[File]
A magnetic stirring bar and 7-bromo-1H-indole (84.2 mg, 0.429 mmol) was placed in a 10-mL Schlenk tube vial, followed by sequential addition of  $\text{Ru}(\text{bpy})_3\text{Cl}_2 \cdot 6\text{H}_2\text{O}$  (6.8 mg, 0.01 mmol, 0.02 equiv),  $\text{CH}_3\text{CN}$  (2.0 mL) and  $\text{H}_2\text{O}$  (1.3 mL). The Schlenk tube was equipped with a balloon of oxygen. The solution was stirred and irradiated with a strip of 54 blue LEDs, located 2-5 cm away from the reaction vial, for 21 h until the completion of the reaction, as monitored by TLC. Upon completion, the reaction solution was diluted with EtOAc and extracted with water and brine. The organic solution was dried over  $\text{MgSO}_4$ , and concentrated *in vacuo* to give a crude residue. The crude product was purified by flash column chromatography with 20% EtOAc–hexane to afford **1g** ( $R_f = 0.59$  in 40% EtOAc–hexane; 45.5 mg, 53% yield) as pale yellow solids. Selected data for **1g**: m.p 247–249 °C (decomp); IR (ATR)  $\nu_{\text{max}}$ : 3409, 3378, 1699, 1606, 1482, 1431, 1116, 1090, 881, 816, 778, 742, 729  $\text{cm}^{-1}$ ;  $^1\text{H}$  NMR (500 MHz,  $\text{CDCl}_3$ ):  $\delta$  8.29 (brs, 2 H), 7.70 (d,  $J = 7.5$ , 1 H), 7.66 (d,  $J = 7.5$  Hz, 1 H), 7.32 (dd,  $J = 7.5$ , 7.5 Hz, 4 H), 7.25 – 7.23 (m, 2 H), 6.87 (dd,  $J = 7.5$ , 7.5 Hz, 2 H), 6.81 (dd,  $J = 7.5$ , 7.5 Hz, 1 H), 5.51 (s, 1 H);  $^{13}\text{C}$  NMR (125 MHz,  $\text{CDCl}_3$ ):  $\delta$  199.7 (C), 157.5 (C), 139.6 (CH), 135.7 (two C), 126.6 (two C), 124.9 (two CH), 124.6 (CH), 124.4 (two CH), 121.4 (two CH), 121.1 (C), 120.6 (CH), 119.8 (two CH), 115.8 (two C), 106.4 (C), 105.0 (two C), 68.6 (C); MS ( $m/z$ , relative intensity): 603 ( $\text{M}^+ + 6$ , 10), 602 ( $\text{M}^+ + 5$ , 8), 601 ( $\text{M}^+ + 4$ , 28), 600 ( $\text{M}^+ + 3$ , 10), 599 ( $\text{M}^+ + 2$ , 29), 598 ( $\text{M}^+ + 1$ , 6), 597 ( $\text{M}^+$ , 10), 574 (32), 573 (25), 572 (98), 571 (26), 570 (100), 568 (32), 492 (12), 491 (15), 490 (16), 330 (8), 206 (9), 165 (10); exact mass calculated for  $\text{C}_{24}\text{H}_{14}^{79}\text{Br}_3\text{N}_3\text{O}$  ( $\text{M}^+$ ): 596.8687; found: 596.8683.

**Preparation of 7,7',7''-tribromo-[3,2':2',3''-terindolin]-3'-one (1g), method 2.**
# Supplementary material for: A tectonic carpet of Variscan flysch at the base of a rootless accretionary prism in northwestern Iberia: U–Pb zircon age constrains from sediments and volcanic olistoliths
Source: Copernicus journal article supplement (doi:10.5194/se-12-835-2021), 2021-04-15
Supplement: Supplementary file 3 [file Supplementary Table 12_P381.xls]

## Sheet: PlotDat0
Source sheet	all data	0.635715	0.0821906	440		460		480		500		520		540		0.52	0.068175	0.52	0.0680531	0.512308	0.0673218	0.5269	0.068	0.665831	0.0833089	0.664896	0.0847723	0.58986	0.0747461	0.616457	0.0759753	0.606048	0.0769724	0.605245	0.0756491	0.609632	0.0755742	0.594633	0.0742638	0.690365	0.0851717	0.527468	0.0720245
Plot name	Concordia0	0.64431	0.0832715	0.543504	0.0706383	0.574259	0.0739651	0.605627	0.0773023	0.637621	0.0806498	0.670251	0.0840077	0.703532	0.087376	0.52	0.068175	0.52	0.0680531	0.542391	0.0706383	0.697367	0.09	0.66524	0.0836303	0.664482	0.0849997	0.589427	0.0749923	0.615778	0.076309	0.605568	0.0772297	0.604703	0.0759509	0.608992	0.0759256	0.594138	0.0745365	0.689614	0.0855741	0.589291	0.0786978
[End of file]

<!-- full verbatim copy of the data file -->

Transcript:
A magnetic stirring bar and 7-bromo-1H-indole (84.2 mg, 0.429 mmol) was placed in a 10-mL Schlenk tube vial, followed by sequential addition of  $\text{Ru}(\text{bpy})_3\text{Cl}_2 \cdot 6\text{H}_2\text{O}$  (6.8 mg, 0.01 mmol, 0.02 equiv),  $\text{CH}_3\text{CN}$  (2.0 mL) and  $\text{H}_2\text{O}$  (1.3 mL). The Schlenk tube was equipped with a balloon of oxygen. The solution was stirred and irradiated with a strip of 54 blue LEDs, located 2-5 cm away from the reaction vial, for 21 h until the completion of the reaction, as monitored by TLC. Upon completion, the reaction solution was diluted with EtOAc and extracted with water and brine. The organic solution was dried over  $\text{MgSO}_4$ , and concentrated *in vacuo* to give a crude residue. The crude product was purified by flash column chromatography with 20% EtOAc–hexane to afford **1g** ( $R_f = 0.59$  in 40% EtOAc–hexane; 45.5 mg, 53% yield) as pale yellow solids. Selected data for **1g**: m.p 247–249 °C (decomp); IR (ATR)  $\nu_{\text{max}}$ : 3409, 3378, 1699, 1606, 1482, 1431, 1116, 1090, 881, 816, 778, 742, 729  $\text{cm}^{-1}$ ;  $^1\text{H}$  NMR (500 MHz,  $\text{CDCl}_3$ ):  $\delta$  8.29 (brs, 2 H), 7.70 (d,  $J = 7.5$ , 1 H), 7.66 (d,  $J = 7.5$  Hz, 1 H), 7.32 (dd,  $J = 7.5$ , 7.5 Hz, 4 H), 7.25 – 7.23 (m, 2 H), 6.87 (dd,  $J = 7.5$ , 7.5 Hz, 2 H), 6.81 (dd,  $J = 7.5$ , 7.5 Hz, 1 H), 5.51 (s, 1 H);  $^{13}\text{C}$  NMR (125 MHz,  $\text{CDCl}_3$ ):  $\delta$  199.7 (C), 157.5 (C), 139.6 (CH), 135.7 (two C), 126.6 (two C), 124.9 (two CH), 124.6 (CH), 124.4 (two CH), 121.4 (two CH), 121.1 (C), 120.6 (CH), 119.8 (two CH), 115.8 (two C), 106.4 (C), 105.0 (two C), 68.6 (C); MS ( $m/z$ , relative intensity): 603 ( $\text{M}^+ + 6$ , 10), 602 ( $\text{M}^+ + 5$ , 8), 601 ( $\text{M}^+ + 4$ , 28), 600 ( $\text{M}^+ + 3$ , 10), 599 ( $\text{M}^+ + 2$ , 29), 598 ( $\text{M}^+ + 1$ , 6), 597 ( $\text{M}^+$ , 10), 574 (32), 573 (25), 572 (98), 571 (26), 570 (100), 568 (32), 492 (12), 491 (15), 490 (16), 330 (8), 206 (9), 165 (10); exact mass calculated for  $\text{C}_{24}\text{H}_{14}^{79}\text{Br}_3\text{N}_3\text{O}$  ( $\text{M}^+$ ): 596.8687; found: 596.8683.

**Preparation of 7,7',7''-tribromo-[3,2':2',3''-terindolin]-3'-one (1g), method 2.**
# Supplementary material for: A tectonic carpet of Variscan flysch at the base of a rootless accretionary prism in northwestern Iberia: U–Pb zircon age constrains from sediments and volcanic olistoliths
Source: Copernicus journal article supplement (doi:10.5194/se-12-835-2021), 2021-04-15
Supplement: Supplementary file 3 [file Supplementary Table 12_P381.xls]

## Sheet: PlotDat0
Source sheet	all data	0.635715	0.0821906	440		460		480		500		520		540		0.52	0.068175	0.52	0.0680531	0.512308	0.0673218	0.5269	0.068	0.665831	0.0833089	0.664896	0.0847723	0.58986	0.0747461	0.616457	0.0759753	0.606048	0.0769724	0.605245	0.0756491	0.609632	0.0755742	0.594633	0.0742638	0.690365	0.0851717	0.527468	0.0720245
Plot name	Concordia0	0.64431	0.0832715	0.543504	0.0706383	0.574259	0.0739651	0.605627	0.0773023	0.637621	0.0806498	0.670251	0.0840077	0.703532	0.087376	0.52	0.068175	0.52	0.0680531	0.542391	0.0706383	0.697367	0.09	0.66524	0.0836303	0.664482	0.0849997	0.589427	0.0749923	0.615778	0.076309	0.605568	0.0772297	0.604703	0.0759509	0.608992	0.0759256	0.594138	0.0745365	0.689614	0.0855741	0.589291	0.0786978